• Two 6,000-gallon vacuum tankers and five 6,000-gallon transport tankers.

• A 21,000-gallon frac tank from Dragon Products Ltd. and a 10,000-gallon frac tank from Environmental Tank Services.

• Five semi-tractors.

The fleet also includes a custom built vacuum truck outfitted with a 15-ton, 70-foot-swing crane for reaching the middle of large lagoons. The pump can deliver more than 1,800 gpm over up to 1.5 miles.

Maintenance on all this is monitored with Fleet Maintenance Pro software from FLEETMATE. Employees also note when repairs may be required by filling out work orders when they see problems. Employee Jon Moore has diesel mechanic training and oversees routine maintenance. Local repair shops handle any major issues.

The company considers carefully when buying or replacing equipment. Bill Corya, who handles finance and accounting, says the company may buy new or used, depending on a variety of factors. In addition, if the firm has been renting a piece of equipment for an extended time, that may trigger a decision to buy a unit.

Around the clock

Because of its diverse services, AVS gets calls anytime, day or night. Corya says the company generally can have staff and equipment on site within 90 minutes. The company also performs routine maintenance for customers on an as needed basis.

Emergency work can include responding to incidents such as spills of fuel or corn on Interstate highways. On work during plant maintenance shutdowns, AVS crews may work 12 to 15 hours a day to get the project done within the customer’s time window. “We’ll be in there cleaning and working whatever hours it takes,” says Corya. “Our guys are used to staying in hotel rooms for those longer jobs.”

In June 2008, when a major flood hit the area, AVS was called to the Decatur (Ill.) County hospital to pump water as local fire department’s pumps were not big enough to keep up with the water.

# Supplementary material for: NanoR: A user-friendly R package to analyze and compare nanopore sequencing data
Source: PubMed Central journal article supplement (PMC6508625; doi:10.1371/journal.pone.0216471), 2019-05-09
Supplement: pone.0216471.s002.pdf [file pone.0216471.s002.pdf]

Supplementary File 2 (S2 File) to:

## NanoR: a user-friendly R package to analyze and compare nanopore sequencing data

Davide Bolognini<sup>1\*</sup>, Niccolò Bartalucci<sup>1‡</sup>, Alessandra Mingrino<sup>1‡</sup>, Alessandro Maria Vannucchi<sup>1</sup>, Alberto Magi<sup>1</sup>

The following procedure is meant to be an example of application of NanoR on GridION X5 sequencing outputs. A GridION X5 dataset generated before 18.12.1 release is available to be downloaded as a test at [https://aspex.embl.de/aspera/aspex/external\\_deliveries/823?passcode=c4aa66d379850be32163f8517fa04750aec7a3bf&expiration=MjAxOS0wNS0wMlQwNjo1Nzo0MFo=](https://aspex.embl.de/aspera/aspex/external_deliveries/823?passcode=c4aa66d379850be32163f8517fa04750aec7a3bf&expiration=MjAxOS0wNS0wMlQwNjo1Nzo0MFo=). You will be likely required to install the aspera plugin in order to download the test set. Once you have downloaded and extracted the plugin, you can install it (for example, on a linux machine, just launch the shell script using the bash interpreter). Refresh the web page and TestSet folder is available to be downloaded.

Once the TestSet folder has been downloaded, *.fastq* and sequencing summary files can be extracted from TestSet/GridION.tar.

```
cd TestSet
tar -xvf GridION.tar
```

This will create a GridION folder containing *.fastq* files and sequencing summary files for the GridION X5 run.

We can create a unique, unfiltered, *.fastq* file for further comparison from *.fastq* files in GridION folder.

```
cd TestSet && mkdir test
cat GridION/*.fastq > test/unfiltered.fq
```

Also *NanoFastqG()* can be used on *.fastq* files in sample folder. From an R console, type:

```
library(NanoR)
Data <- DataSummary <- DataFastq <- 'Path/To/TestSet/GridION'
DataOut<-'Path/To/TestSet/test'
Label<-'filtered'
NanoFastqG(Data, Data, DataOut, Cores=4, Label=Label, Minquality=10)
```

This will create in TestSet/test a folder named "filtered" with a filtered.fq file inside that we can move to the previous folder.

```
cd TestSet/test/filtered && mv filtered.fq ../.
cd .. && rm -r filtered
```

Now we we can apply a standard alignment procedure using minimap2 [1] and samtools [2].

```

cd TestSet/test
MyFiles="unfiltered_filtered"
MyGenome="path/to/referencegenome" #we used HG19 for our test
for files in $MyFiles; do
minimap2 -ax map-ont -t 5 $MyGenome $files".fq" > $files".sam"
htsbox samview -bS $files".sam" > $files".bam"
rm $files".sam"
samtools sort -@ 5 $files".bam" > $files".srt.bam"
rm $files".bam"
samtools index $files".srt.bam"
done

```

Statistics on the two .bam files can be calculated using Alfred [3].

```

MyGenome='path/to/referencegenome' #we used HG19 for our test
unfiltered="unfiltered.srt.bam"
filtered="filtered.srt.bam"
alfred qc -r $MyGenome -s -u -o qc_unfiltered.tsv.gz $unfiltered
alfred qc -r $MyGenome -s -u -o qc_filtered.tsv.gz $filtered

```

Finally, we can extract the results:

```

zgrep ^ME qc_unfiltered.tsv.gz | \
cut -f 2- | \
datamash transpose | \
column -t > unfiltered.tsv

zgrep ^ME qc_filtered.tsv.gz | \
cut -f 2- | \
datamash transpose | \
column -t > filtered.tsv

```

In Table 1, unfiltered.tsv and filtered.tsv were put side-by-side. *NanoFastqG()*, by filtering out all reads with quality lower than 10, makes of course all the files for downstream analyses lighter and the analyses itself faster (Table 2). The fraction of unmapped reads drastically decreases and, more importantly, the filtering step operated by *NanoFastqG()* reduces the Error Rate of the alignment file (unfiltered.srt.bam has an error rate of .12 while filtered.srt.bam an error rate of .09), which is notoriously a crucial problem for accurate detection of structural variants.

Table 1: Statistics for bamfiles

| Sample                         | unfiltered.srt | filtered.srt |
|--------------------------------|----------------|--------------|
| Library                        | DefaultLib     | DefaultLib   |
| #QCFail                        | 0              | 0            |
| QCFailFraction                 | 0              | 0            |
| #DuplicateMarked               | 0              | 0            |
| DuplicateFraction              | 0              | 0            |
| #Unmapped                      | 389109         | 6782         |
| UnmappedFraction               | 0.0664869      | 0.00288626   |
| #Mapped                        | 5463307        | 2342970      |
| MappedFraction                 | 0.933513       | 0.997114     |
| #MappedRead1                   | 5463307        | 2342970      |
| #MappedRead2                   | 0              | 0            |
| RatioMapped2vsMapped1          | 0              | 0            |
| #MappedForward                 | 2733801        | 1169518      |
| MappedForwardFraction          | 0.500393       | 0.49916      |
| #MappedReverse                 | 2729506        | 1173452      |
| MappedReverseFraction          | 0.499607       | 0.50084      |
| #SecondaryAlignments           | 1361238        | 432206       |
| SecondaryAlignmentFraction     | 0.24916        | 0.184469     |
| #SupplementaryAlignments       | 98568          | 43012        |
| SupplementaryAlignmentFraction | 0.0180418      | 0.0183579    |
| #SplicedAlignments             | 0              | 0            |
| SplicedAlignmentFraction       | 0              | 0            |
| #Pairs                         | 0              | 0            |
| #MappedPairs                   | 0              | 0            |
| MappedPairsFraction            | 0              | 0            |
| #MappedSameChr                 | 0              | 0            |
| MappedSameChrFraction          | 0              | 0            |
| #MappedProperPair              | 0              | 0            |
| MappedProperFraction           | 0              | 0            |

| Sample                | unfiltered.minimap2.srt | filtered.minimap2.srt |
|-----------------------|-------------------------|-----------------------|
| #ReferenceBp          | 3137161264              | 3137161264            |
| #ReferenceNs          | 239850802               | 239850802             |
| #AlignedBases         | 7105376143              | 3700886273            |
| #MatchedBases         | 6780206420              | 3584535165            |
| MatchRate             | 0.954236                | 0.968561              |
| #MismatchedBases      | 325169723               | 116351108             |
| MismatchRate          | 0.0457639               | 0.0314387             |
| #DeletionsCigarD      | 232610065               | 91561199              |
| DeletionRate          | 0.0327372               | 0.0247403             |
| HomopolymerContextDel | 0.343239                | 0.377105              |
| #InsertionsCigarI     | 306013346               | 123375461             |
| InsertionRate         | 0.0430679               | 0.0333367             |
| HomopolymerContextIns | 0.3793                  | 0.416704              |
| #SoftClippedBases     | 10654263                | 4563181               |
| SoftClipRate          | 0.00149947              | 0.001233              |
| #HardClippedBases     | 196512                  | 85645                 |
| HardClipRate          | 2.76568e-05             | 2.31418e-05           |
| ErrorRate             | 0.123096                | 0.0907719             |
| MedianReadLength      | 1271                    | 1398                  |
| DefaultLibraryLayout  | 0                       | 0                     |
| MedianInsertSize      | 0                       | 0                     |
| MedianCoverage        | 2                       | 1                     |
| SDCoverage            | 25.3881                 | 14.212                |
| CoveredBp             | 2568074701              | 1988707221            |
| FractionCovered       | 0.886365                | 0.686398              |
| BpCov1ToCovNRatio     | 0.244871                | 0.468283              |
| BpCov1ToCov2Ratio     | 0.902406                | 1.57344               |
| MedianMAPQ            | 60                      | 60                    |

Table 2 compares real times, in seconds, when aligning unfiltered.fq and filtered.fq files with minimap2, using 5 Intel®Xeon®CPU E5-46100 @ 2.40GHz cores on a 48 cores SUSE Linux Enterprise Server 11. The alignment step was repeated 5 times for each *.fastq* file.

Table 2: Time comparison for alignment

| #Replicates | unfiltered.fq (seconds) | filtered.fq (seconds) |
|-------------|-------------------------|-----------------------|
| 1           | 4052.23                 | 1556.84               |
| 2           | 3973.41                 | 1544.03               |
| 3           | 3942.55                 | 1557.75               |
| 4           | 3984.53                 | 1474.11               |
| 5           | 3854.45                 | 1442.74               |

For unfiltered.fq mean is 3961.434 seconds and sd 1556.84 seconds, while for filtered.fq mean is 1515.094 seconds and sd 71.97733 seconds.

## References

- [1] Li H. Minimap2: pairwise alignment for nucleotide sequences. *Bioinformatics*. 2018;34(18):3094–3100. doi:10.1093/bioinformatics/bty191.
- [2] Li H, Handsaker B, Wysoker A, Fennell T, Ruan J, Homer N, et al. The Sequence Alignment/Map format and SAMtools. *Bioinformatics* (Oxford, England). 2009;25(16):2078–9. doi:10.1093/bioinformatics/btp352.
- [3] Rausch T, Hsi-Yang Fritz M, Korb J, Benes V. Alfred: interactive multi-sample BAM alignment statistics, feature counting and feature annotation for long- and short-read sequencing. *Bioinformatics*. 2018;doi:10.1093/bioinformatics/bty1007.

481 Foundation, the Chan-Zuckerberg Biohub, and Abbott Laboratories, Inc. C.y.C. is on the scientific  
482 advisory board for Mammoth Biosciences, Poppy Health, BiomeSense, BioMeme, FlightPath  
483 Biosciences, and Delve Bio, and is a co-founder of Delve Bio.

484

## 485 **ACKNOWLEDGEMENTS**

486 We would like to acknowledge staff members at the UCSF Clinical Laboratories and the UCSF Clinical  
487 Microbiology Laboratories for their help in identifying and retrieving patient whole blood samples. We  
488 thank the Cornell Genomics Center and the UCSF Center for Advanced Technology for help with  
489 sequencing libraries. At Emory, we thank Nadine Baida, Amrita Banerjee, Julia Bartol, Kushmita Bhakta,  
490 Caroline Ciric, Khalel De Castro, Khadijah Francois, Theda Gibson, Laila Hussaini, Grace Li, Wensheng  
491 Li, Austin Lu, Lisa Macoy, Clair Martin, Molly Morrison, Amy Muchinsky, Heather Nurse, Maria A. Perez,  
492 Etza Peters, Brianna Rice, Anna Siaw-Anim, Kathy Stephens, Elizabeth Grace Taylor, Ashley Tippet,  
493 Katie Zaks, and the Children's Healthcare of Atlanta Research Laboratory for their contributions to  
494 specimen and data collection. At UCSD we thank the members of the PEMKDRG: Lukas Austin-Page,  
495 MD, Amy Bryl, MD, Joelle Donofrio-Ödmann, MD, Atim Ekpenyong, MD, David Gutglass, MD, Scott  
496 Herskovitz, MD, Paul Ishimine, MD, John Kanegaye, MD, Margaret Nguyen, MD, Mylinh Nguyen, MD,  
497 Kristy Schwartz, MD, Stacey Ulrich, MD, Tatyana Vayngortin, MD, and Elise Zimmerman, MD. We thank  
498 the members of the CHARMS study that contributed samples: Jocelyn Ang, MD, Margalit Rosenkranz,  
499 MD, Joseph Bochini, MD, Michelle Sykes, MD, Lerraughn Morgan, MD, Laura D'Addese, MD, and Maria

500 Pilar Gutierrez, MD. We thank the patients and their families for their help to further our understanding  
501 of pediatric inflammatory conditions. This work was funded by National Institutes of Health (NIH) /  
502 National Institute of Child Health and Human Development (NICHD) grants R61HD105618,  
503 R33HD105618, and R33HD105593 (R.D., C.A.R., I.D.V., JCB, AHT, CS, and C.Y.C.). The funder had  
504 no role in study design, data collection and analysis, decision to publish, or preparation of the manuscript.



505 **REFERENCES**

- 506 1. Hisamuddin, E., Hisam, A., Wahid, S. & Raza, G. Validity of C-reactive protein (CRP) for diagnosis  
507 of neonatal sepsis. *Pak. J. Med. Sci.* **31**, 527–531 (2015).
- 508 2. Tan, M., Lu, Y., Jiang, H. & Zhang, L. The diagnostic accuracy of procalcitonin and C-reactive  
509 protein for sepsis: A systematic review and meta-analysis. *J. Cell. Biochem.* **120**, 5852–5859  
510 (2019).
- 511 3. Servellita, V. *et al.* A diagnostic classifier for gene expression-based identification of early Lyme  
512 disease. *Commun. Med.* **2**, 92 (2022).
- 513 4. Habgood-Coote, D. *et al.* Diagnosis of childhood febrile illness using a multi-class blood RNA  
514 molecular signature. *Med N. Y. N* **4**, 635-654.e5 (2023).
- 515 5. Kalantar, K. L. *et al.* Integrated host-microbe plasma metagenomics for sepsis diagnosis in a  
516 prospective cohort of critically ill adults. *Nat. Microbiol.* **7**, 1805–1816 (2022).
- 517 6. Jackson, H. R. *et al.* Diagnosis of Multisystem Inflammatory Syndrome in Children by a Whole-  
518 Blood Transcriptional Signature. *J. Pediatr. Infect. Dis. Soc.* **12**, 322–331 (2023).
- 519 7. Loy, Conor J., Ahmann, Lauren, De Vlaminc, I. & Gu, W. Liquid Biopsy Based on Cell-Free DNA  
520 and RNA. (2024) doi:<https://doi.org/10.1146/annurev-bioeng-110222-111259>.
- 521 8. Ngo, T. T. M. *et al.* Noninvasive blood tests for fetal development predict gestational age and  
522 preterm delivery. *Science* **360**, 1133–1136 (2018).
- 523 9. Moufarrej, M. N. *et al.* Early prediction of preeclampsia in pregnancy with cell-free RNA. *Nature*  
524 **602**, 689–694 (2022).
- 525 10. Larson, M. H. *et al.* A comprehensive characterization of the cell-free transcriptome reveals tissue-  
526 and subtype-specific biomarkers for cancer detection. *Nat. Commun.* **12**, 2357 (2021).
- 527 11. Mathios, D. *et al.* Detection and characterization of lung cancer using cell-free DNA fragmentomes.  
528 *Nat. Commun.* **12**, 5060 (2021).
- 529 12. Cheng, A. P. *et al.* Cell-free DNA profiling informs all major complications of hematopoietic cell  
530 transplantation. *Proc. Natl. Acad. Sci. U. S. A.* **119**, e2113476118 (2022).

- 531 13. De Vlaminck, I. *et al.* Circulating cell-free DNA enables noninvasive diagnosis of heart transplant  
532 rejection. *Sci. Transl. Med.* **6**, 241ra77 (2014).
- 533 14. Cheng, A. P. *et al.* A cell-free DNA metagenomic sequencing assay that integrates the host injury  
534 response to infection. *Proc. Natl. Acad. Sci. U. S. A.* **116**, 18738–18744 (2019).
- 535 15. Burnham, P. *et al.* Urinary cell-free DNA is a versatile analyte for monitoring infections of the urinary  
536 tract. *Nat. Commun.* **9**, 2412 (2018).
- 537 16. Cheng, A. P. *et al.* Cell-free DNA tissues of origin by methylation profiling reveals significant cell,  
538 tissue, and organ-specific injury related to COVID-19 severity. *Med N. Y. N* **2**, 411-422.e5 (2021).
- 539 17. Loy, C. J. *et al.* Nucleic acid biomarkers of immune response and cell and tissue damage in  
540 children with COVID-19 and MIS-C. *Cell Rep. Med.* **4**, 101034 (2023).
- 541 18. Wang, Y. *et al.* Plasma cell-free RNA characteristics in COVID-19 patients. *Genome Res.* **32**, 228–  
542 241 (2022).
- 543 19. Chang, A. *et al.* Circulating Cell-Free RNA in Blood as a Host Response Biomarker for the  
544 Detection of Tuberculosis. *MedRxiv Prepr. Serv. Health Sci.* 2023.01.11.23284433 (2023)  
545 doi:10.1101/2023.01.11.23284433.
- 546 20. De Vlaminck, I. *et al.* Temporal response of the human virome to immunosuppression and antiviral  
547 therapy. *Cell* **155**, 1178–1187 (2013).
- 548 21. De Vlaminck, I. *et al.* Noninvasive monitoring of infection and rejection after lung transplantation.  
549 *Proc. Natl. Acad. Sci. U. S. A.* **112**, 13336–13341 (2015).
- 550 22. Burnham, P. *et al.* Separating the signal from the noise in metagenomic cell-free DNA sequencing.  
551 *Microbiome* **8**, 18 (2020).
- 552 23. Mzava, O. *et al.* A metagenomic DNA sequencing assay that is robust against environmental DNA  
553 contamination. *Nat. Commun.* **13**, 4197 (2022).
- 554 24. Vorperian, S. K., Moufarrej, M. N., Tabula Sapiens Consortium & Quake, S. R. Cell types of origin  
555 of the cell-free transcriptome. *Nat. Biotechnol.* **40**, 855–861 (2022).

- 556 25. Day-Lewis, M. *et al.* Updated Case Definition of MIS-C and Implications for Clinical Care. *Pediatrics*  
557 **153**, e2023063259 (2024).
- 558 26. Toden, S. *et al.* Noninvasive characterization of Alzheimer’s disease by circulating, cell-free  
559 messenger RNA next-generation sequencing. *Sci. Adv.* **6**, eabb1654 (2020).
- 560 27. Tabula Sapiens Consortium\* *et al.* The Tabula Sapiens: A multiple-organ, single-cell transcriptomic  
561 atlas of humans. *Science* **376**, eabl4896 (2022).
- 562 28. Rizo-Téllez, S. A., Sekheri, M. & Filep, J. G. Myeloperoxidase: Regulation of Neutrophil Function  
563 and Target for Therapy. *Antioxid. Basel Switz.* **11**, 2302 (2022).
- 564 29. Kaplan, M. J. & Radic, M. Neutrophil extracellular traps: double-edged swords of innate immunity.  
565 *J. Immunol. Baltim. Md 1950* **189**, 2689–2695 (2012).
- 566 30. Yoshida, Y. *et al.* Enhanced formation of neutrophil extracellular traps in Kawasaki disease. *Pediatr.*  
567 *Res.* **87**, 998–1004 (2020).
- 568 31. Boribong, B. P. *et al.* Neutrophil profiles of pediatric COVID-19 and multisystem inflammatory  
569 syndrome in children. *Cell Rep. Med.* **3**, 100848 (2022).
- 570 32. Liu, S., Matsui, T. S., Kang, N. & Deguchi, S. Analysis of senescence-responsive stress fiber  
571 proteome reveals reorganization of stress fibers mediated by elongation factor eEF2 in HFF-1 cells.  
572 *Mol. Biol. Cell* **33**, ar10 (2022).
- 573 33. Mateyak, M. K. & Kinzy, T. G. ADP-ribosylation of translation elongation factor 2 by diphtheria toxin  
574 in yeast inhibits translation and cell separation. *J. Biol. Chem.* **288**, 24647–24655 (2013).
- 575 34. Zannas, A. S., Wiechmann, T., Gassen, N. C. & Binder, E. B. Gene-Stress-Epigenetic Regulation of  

On another job, they worked three days in Columbus, Ind. at a farm cooperative where a lower level full of meal and seed was flooded. After hauling the vacuumed material to a landfill, they pressure-washed the entire basement and set up fans to speed drying.

In another project, the company worked for ten months as a subcontractor in cleaning up an automotive parts manufacturing company in Indiana, one and a half hours from the AVS home base.

That work covered an entire plant comprising 22 acres under one roof. The crews cleaned machinery, floors, trenches and pits along with the wastewater treatment tanks and powerhouse. In addition, some machinery that was to be sold needed cleaning before shipment.

The job used almost every piece of equipment in the AVS inventory. At times, as many as 14 people were on the site, working in two- and three-man crews.

Safety director Osborne says that the project called for numerous confined-space entries as workers cleaned tanks, vessels and furnaces. The pits and trenches contained bacteria, oil and other contaminant, which atomized when pressure-washed, so crews had to wear special personal protective equipment. AVS used the HAZWOPER-trained crew to clean the furnaces using HEPA-filtered vacuum units. Osborne says that at least half of AVS employees have taken a 40-hour HAZWOPER class, and each year they take an 8-hour review course.

Home base

AVS typically works in a 100-mile radius for jobs lasting up to one day, but will travel up to 300 miles for jobs lasting a week or more. Corya says the five-year plan includes adding more garage space on the farm that serves as headquarters.

At present, AVS has a 3,000-square-foot shop, another 2,000 square feet of storage space for vacuum trucks, a 1,000-square-foot office, and about three acres for parking. Corya would like to see a heated garage, especially on cold mornings when emergency calls may come in the middle of the night.

“In all our efforts,” says Corya, “we focus on doing things better and safer. We take care of our customers, invest in our employees, and never at any cost put employees at risk.”